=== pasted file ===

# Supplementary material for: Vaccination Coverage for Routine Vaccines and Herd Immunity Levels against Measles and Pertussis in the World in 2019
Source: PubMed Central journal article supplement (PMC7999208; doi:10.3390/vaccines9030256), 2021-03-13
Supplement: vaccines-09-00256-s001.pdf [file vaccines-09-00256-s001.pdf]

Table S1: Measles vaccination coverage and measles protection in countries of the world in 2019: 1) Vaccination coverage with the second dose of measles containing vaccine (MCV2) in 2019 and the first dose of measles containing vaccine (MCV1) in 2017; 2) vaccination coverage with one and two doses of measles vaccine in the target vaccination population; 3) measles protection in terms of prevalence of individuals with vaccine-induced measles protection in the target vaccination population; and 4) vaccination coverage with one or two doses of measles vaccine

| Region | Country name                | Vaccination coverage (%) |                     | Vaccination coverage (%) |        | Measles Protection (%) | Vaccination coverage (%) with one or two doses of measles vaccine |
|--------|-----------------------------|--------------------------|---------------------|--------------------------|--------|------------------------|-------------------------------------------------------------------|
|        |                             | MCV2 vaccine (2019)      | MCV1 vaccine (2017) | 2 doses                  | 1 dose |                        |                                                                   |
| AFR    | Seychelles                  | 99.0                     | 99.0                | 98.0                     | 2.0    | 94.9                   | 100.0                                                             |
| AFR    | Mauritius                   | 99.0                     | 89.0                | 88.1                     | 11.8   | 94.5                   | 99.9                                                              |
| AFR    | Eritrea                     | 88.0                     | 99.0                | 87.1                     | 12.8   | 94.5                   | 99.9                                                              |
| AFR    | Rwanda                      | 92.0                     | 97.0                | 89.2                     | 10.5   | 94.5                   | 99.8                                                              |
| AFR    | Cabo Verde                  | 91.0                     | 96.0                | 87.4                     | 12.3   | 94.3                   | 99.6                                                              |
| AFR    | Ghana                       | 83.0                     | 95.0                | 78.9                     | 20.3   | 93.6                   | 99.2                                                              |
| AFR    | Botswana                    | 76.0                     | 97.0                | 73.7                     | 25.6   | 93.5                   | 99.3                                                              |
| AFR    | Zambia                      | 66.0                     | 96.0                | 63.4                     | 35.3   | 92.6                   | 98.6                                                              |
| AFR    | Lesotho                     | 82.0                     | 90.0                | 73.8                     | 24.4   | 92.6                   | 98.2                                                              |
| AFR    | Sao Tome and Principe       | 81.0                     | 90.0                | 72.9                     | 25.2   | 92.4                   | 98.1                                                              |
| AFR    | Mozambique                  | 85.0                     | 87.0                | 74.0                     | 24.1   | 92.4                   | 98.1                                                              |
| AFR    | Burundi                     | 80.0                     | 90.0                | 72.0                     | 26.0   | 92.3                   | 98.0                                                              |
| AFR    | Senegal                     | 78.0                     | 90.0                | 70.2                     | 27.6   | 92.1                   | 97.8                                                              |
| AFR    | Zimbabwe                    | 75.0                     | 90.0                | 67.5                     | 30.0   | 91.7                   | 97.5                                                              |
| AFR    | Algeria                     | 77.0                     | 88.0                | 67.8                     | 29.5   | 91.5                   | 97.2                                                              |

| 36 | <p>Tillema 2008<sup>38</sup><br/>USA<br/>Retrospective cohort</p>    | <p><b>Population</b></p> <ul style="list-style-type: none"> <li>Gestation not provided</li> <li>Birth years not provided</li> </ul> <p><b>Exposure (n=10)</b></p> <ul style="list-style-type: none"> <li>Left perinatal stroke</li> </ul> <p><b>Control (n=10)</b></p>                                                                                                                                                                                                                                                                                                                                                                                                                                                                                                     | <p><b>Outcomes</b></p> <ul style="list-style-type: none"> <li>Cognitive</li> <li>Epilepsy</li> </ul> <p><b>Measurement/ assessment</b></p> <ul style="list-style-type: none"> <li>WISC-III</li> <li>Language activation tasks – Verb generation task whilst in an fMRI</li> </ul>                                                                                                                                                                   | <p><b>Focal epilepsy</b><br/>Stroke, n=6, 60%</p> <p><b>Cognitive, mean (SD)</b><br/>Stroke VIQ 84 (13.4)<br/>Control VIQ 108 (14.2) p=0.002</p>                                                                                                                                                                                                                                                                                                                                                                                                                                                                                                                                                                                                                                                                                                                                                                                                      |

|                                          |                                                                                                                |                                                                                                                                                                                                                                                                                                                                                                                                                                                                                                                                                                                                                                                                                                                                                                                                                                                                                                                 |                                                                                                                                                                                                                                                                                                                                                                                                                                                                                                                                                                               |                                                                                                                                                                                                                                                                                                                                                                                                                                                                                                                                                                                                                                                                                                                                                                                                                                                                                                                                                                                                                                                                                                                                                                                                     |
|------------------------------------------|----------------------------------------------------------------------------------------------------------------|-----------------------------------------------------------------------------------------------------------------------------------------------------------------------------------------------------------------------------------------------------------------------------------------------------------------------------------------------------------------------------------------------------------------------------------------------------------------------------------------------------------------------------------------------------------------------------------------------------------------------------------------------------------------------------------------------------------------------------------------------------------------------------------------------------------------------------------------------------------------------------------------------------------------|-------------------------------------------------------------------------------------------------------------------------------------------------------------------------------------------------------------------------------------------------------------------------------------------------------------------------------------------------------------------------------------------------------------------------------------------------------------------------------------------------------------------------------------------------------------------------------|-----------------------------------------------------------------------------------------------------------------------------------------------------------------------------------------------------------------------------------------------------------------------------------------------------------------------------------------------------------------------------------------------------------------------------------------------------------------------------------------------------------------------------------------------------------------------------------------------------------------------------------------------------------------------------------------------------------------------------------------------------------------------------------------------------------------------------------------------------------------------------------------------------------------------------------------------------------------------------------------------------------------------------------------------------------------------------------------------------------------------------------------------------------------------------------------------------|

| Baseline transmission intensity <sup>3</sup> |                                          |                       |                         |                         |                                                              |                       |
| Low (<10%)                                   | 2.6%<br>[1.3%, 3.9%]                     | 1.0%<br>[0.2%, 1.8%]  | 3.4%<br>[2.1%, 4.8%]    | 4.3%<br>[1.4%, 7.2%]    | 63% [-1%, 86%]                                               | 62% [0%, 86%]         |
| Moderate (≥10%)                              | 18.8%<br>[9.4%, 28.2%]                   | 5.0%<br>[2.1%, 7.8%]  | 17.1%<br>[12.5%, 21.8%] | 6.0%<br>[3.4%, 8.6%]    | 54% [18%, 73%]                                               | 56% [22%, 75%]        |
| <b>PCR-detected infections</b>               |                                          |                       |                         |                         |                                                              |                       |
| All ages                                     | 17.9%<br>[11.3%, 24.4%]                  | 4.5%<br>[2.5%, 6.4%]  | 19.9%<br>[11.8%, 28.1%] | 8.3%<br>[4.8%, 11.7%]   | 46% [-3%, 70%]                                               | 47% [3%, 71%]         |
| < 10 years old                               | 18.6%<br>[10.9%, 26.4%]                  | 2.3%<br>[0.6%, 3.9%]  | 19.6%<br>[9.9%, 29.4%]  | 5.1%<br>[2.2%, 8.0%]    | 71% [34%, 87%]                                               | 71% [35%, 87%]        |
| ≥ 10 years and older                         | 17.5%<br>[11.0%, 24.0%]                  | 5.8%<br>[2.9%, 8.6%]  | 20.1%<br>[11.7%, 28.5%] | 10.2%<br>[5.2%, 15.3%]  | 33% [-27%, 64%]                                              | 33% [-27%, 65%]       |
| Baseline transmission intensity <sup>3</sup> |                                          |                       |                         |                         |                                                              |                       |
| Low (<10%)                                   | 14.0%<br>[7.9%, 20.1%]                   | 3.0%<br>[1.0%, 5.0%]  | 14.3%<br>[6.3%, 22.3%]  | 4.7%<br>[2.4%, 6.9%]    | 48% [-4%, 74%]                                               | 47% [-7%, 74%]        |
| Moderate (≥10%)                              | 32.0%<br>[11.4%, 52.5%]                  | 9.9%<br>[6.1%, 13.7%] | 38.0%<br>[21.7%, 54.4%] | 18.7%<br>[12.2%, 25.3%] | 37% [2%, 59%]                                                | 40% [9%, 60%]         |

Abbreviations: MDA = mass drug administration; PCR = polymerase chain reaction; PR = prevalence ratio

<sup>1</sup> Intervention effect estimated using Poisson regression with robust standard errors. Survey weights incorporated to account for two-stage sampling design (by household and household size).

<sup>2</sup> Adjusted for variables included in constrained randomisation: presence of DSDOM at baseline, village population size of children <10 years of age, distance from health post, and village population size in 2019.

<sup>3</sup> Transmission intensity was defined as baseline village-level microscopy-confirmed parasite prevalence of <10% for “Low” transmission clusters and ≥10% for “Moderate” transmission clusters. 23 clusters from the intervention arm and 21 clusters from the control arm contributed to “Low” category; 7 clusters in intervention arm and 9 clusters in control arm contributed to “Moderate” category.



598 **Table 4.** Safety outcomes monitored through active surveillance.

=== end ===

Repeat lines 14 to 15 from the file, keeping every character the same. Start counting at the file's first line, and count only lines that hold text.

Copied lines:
| AFR    | Botswana                    | 76.0                     | 97.0                | 73.7                     | 25.6   | 93.5                   | 99.3                                                              |
| AFR    | Zambia                      | 66.0                     | 96.0                | 63.4                     | 35.3   | 92.6                   | 98.6                                                              |